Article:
Filing 87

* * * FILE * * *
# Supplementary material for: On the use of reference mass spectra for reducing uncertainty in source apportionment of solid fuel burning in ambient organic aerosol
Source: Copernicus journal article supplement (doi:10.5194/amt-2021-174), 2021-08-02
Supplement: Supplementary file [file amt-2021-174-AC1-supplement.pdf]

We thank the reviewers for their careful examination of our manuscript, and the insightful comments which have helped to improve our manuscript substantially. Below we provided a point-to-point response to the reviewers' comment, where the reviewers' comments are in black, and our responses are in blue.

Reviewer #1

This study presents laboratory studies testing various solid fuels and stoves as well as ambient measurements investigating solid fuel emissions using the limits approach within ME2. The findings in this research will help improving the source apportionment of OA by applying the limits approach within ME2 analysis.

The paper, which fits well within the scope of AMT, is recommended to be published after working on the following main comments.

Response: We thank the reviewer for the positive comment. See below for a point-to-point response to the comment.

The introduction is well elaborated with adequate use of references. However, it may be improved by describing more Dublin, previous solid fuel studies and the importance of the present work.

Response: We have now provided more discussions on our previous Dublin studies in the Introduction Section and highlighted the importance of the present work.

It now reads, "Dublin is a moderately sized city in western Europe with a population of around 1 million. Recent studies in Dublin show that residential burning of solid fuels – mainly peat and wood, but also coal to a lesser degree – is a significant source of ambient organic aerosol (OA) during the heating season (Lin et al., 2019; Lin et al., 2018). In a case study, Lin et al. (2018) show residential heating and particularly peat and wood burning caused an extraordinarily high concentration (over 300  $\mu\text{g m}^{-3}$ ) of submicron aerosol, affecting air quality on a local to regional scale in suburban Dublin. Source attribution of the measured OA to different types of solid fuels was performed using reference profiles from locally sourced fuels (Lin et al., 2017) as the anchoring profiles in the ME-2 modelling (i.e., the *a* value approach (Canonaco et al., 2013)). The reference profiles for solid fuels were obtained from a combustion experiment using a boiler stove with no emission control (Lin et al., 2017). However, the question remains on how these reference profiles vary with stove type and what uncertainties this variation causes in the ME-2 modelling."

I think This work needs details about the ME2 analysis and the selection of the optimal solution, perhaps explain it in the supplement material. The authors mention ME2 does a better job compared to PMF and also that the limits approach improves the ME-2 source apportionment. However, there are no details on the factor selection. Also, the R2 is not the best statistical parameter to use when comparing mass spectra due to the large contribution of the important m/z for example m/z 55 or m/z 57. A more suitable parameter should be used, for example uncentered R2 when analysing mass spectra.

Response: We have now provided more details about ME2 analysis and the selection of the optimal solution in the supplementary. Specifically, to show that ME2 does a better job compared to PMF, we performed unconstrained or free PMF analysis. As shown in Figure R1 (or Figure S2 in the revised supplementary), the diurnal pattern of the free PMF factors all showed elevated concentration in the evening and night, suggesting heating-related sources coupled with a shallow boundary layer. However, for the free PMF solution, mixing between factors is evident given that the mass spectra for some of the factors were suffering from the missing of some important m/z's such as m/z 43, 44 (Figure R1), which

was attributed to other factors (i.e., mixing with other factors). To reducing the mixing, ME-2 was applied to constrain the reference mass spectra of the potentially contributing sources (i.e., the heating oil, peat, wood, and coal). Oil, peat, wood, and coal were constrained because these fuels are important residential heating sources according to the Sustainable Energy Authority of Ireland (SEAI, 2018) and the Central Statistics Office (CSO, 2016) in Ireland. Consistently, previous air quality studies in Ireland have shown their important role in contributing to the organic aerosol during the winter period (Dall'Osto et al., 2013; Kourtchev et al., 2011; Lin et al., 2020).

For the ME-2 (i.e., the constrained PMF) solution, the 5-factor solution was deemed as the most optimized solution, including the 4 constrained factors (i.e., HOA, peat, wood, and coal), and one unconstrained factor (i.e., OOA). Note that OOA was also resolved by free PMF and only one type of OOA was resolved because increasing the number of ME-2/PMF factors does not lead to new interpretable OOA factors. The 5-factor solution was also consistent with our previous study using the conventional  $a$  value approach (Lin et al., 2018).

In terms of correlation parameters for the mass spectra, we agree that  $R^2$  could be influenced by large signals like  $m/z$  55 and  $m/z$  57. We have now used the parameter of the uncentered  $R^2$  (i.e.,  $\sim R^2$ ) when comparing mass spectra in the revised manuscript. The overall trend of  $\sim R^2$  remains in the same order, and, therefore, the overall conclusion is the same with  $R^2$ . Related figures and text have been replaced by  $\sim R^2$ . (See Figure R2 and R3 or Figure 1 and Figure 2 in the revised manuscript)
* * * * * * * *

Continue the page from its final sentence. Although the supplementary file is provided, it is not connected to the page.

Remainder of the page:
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UNITED STATES DISTRICT COURT DISTRICT OF MAINE DAIRYLAND INSURANCE COMPANY, Plaintiff, v. MCARTHUR SULLIVAN, Defendant. and RAVI RAMDEO, Party-in-Interest ) ) ) ) ) ) ) ) ) ) ) ) ) ) ) 2:16-cv-00050-JDL ORDER ON THE PLAINTIFF’S MOTION FOR SUMMARY JUDGMENT In this action, the Plaintiff, Dairyland Insurance Company (“Dairyland”) seeks to rescind certain automobile insurance policies that it issued to the Defendant, McArthur Sullivan, alleging that Sullivan made material fraudulent representations in his application for insurance. Dairyland also seeks a declaration stating that it is relieved of any obligation to provide insurance coverage, including defense or indemnification. The matter is before the court on Dairyland’s Motion for Summary Judgment (ECF No. 76). Sullivan did not file an opposition to the motion or respond to Dairyland’s Statement of Material Facts (ECF No. 77). For the reasons explained below, Dairyland’s motion is granted. I. FACTUAL BACKGROUND Local Rule 56 directs that “[f]acts contained in a supporting or opposing statement of material facts, if supported by record citations as required by this rule, shall be deemed admitted unless properly controverted.” Loc. R. 56(f). Because Sullivan did not file a response to Dairyland’s Statement of Material Facts or otherwise controvert the facts contained in it, those facts are deemed admitted. Accordingly, I incorporate by reference paragraphs 1 through 40 of Dairyland’s Statement of Material Facts. II. SUMMARY JUDGMENT STANDARD A. Federal Rule of Civil Procedure 56 Summary judgment is appropriate “if the movant shows that there is no genuine dispute as to any material fact and the movant is entitled to judgment as a matter of law.” Fed. R. Civ. P. 56(a); Ahmed v. Johnson, 752 F.3d 490, 495 (1st Cir. 2014). “A dispute is genuine if ‘the evidence about the fact is such that a reasonable jury could resolve the point in favor of the non-moving party.’” Johnson v. Univ. of P.R., 714 F.3d 48, 52 (1st Cir. 2013) (quoting Thompson v. Coca-Cola Co., 522 F.3d 168, 175 (1st Cir. 2008)). “A fact is material if it has potential to determine the outcome of the litigation.” Id. (citing Maymí v. P.R. Ports Auth., 515 F.3d 20, 25 (1st Cir. 2008)). In determining whether a party moving for summary judgment has met its burden, the court must view the record in the light most favorable to the nonmoving party and give that party the benefit of all reasonable inferences in its favor. Brooks v. AIG SunAmerica Life Assur. Co., 480 F.3d 579, 586 (1st Cir. 2007). Once the 2 moving party has made a preliminary showing that no genuine issue of material fact exists, the nonmovant must “produce specific facts, in suitable evidentiary form, to establish the presence of a trialworthy issue.” Id. (citing Clifford v. Barnhart, 449 F.3d 276, 280 (1st Cir. 2006)) (internal quotation marks and emphasis omitted); Fed. R. Civ. P. 56(c). “[A]s to any essential factual element of its claim on which the nonmovant would bear the burden of proof at trial, its failure to come forward with sufficient evidence to generate a trialworthy issue warrants summary judgment to the moving party.” In re Spigel, 260 F.3d 27, 31 (1st Cir. 2001) (internal quotation and citation omitted). B. Local Rule 56 The evidence that the court may consider in deciding whether genuine issues of material fact exist for purposes of summary judgment is circumscribed by the local rules of this district. See Loc. R. 56. The moving party must first file a statement of material facts that it claims are not in dispute. See Loc. R. 56(b). Each fact must be set forth in a numbered paragraph and supported by a specific record citation. See id. The court may disregard “any statement of fact not supported by a specific citation to record material properly considered on summary judgment” and has “no independent duty to search or consider any part of the record not specifically referenced in the parties’ separate statement of facts.” Loc. R. 56(f); see also, e.g., Packgen v. BP Exploration, Inc., 754 F.3d 61, 70 (1st Cir. 2014); Fed. R. Civ. P. 56(e)(2) (“If a party fails to properly support an assertion of fact or fails to properly address another party’s assertion of fact as required by Rule 56(c), the court may . . . consider the fact undisputed for purposes of the motion[.]”). 3 III. DISCUSSION A. Count One: Rescission of the Policies Under 24 M.R.S.A. § 2411 Section 2411 of the Maine Insurance Code, 24-A M.R.S.A. §§ 1-7305 (2017), governs statements made in an application for insurance and provides that an insurer may deny recovery if it has proof of a misrepresentation, omission, or concealment that was both fraudulent and material to the acceptance of the risk. N. E. Ins. Co. v. Young, 2011 ME 89, ¶ 18, 26 A.3d 794; see also Liberty Ins. Underwriters, Inc. v. Estate of Faulkner, 2008 ME 149, ¶ 14, 957 A.2d 94 (“Title 24-A M.R.S. § 2411 requires an insurer to prove both fraud and materiality in an action for rescission of an insurance policy.”). The undisputed facts contained in the record establish both of the required elements. 1. Fraudulent Misrepresentation To establish a fraudulent misrepresentation, a plaintiff must produce clear and convincing evidence: “(1) of a false representation; (2) of a material fact; (3) with knowledge or reckless disregard of its falsity; (4) for the purpose of inducing [another] to act in reliance; and (5) actual reliance.” Randall v. Conley, 2010 ME 68, ¶ 12, 2 A.3d 328 (citation omitted); see also Dowling v. Bangor Hous. Auth., 2006 ME 136, ¶ 16, 910 A.2d 376. The undisputed facts contained in Dairyland’s Statement of Material Facts and in Sullivan’s own affidavit establish the following: In April 2013, Sullivan submitted an application for a Maine automobile insurance policy with Dairyland. In his application, Sullivan knowingly and willfully misrepresented that he was a resident of Wales, Maine, and that he principally garaged the vehicles he sought to 4 insure in Wales, Maine. In fact, Sullivan primarily resided and garaged the vehicles he sought to insure in the Commonwealth of Massachusetts, a fact he did not disclose in the application. Moreover, Sullivan admits that he made these misrepresentations with knowledge of their falsity and for the purpose of securing an automobile insurance policy at a lower premium rate than he would have been charged if he had disclosed that the vehicles were garaged in Massachusetts. Sullivan also admits that he understood that Dairyland was relying on the information he supplied to determine whether to accept the insurance risk and to set the premium rate of his insurance policy. It is also undisputed that Dairyland in fact relied on the information that Sullivan provided in his application when it issued multiple Maine automobile insurance policies to him between April 2013 and October 2015 (policy numbers 195564154, 190074250, 190074821, 194562633, 190073516, 190074877, 194561095, 194564275, and 194566905). These facts establish that Sullivan made false representations of material facts—his residence and the location of the vehicles that he sought to insure—on his insurance application with knowledge of their falsity, and that Sullivan made the misrepresentations to induce Dairyland into issuing him Maine automobile insurance policies. These facts also establish that Dairyland in fact relied upon Sullivan’s misrepresentations when it issued the insurance policies. Because the facts above are undisputed, pursuant to Local Rule 56(f), I conclude that Dairyland has satisfied the fraudulent misrepresentation element of a claim under 24-A M.R.S.A. § 2411. 5 2. Materiality To satisfy the materiality requirement of § 2411, a plaintiff must establish that “the facts, if truly stated, would have influenced a reasonable insurer in deciding whether to accept or reject the risk of entering into the contract, in fixing the premium rate, in fixing the amount of insurance coverage, or in providing coverage with respect to the hazard resulting in the loss.” York Mut. Ins. Co. v. Bowman, 2000 ME 27, ¶ 9, 746 A.2d 906. A plaintiff must also offer proof of actual reliance in order to rescind an insurance policy. Liberty Ins. Underwriters, Inc., 2008 ME 149, ¶¶ 19, 20, 957 A.2d 94. It is undisputed that the information requested by Dairyland and supplied by Sullivan was material to Dairyland’s decision to accept the risk that it was insuring. Dairyland does not issue personal automobile insurance policies to individuals primarily residing in or principally garaging their vehicles in Massachusetts, and classifies as an “unacceptable risk” drivers who do not reside in the rating state at least ten months per year. This undisputed evidence supports the conclusion that, without Sullivan’s admitted misrepresentations regarding his primary residence and the principal location of his vehicles, Dairyland would not have issued him a personal automobile insurance policy. 3. Conclusion Dairyland has satisfied both the fraudulent misrepresentation and materiality requirements for a claim under 24-A M.R.S.A. § 2411, and, therefore, rescission of Sullivan’s individual automobile insurance policies is appropriate. Dairyland’s motion for summary judgment is granted with regard to Count One of the Complaint. 6 B. Count Two: Rescission of the Policies Under Equitable Principles Dairyland also argues in Count Two of the Complaint that it is entitled to rescind Sullivan’s automobile insurance policies under equitable principles. In light of my conclusion with regard to Count One, i.e., that Dairyland may rescind the policies under 24-A M.R.S.A. § 2411, I conclude that it is not necessary to address Count Two and I deny it as moot. C. Count Three: Declaratory Relief In Count Three of its Complaint, Dairyland argues that under the terms of the policies it issued to Sullivan, it is entitled to a declaration relieving it of any obligation to provide insurance coverage to him, including defense or indemnification. The policies issued by Dairyland state that “[i]f you have made any false statement in your application, this policy may not provide any coverage.” ECF No. 80-4; see also ECF No. 80-5. The policies also state that: This policy is issued by us in reliance upon the statements which you made in your application for insurance. . . . We rely upon you to provide us with accurate information. . . . If you have made any misrepresentations in your application or when subsequently asked, this policy may not provide any coverage. ECF No. 80-5 (emphasis omitted). Additionally, amendments to the policies state that: If you misrepresent any fact or circumstance that affects the eligibility of a risk, contributes to a loss, we reserve the right to deny coverage. This also applies if the misrepresentation results in a premium lower than that which would have been charged if true and complete representations had been made. 7 ECF No. 80-6 (emphasis omitted); see also ECF No. 80-7. Finally, Sullivan’s application also contains the following statement: It is a crime to knowingly provide false, incomplete or misleading information to an insurance company for the purpose of defrauding the company. Penalties may include imprisonment, fines, or a denial of insurance benefits. ECF No. 74 at 3, ¶ 13 (emphasis added). Dairyland argues that in light of Sullivan’s admitted misrepresentations, the policy language quoted above relieves it of its obligation to provide insurance or to indemnify or defend Sullivan. “An insurer’s duty to defend is a question of law that is determined by comparing the allegations in [an] underlying complaint with the provisions of the insurance policy.” N.E. Ins. Co., 2011 ME 89, ¶ 13, 26 A.3d 794 (quoting Comm. Union Ins. Co. v. Alves, 677 A.2d 70, 72 (Me. 1996)). An insurer normally cannot avoid the duty to defend its insured before an underlying action has concluded, even if ultimately there is no duty to indemnify. See id. at ¶ 14 (quoting Patrons Oxford Mut. Ins. Co. v. Garcia, 1998 ME 38, ¶ 6, 707 A.2d 384). However, a declaratory judgment action may be appropriate where “nonpayment of a premium, cancellation of a policy, failure to cooperate or lack of timely notice” are at issue. See Garcia, 1998 ME 38, ¶ 7, 707 A.2d 384; see also N.E. Ins. Co., 2011 ME 89, ¶ 15, 26 A.3d 794. This is because in such circumstances “the coverage dispute depends entirely on the relationship between the insurer and the insured, not on facts to be determined in the underlying litigation.” Garcia, 1998 ME 38, ¶ 7, 707 A.2d 384. Dairyland’s request for a declaration concerns only its relationship with Sullivan; there is no other 8 underlying litigation. Therefore, it is appropriate for me to consider Dairyland’s obligation to defend and indemnify Sullivan. See N.E. Ins. Co., 2011 ME 89, ¶ 16, 26 A.3d 794. In light of my conclusion as to Count One, above, as well as the undisputed record and Sullivan’s admitted misrepresentations in his insurance application, Dairyland’s request for a declaration relieving it of a duty to defend or indemnify Sullivan is appropriate. Therefore, Dairyland’s Motion for Summary Judgment is granted as to Count Three of the Complaint. IV. CONCLUSION For the reasons explained above, Dairyland’s Motion for Summary Judgment (ECF No. 76) is GRANTED as to Count One and Count Three and DENIED AS MOOT with regard to Count Two. SO ORDERED. Dated this 3rd day of March 2017. /s/ JON D. LEVY U.S. DISTRICT JUDGE 9